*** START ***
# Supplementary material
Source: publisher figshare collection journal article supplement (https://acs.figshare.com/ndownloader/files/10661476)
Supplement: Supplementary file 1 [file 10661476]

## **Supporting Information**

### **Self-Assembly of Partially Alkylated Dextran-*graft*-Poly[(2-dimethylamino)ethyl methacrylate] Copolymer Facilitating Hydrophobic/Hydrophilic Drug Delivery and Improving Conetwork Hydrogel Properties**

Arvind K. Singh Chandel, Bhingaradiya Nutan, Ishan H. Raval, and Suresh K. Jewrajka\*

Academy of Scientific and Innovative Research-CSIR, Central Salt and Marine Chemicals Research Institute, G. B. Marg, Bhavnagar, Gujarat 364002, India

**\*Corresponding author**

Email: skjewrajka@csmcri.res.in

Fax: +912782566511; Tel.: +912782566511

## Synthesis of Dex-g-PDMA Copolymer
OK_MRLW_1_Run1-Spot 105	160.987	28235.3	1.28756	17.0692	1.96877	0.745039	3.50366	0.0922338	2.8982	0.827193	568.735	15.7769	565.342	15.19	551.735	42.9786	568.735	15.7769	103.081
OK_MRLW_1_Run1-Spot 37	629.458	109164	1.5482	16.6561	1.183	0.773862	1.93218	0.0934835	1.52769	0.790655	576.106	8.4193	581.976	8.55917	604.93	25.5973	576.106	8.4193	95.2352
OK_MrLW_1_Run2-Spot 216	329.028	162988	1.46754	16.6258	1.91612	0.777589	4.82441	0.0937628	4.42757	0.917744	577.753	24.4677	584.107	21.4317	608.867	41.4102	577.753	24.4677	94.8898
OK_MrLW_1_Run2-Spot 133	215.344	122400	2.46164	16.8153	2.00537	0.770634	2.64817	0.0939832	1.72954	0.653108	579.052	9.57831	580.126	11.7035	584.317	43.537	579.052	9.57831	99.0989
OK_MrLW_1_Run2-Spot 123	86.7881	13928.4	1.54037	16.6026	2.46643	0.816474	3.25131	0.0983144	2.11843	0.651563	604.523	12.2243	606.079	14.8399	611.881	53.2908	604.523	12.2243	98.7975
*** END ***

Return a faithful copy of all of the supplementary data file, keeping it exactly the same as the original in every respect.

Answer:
# Supplementary material
Source: publisher figshare collection journal article supplement (https://acs.figshare.com/ndownloader/files/10661476)
Supplement: Supplementary file 1 [file 10661476]

## **Supporting Information**

### **Self-Assembly of Partially Alkylated Dextran-*graft*-Poly[(2-dimethylamino)ethyl methacrylate] Copolymer Facilitating Hydrophobic/Hydrophilic Drug Delivery and Improving Conetwork Hydrogel Properties**

Arvind K. Singh Chandel, Bhingaradiya Nutan, Ishan H. Raval, and Suresh K. Jewrajka\*

Academy of Scientific and Innovative Research-CSIR, Central Salt and Marine Chemicals Research Institute, G. B. Marg, Bhavnagar, Gujarat 364002, India

**\*Corresponding author**

Email: skjewrajka@csmcri.res.in

Fax: +912782566511; Tel.: +912782566511

## Synthesis of Dex-g-PDMA Copolymer
OK_MRLW_1_Run1-Spot 105	160.987	28235.3	1.28756	17.0692	1.96877	0.745039	3.50366	0.0922338	2.8982	0.827193	568.735	15.7769	565.342	15.19	551.735	42.9786	568.735	15.7769	103.081
OK_MRLW_1_Run1-Spot 37	629.458	109164	1.5482	16.6561	1.183	0.773862	1.93218	0.0934835	1.52769	0.790655	576.106	8.4193	581.976	8.55917	604.93	25.5973	576.106	8.4193	95.2352
OK_MrLW_1_Run2-Spot 216	329.028	162988	1.46754	16.6258	1.91612	0.777589	4.82441	0.0937628	4.42757	0.917744	577.753	24.4677	584.107	21.4317	608.867	41.4102	577.753	24.4677	94.8898
OK_MrLW_1_Run2-Spot 133	215.344	122400	2.46164	16.8153	2.00537	0.770634	2.64817	0.0939832	1.72954	0.653108	579.052	9.57831	580.126	11.7035	584.317	43.537	579.052	9.57831	99.0989
OK_MrLW_1_Run2-Spot 123	86.7881	13928.4	1.54037	16.6026	2.46643	0.816474	3.25131	0.0983144	2.11843	0.651563	604.523	12.2243	606.079	14.8399	611.881	53.2908	604.523	12.2243	98.7975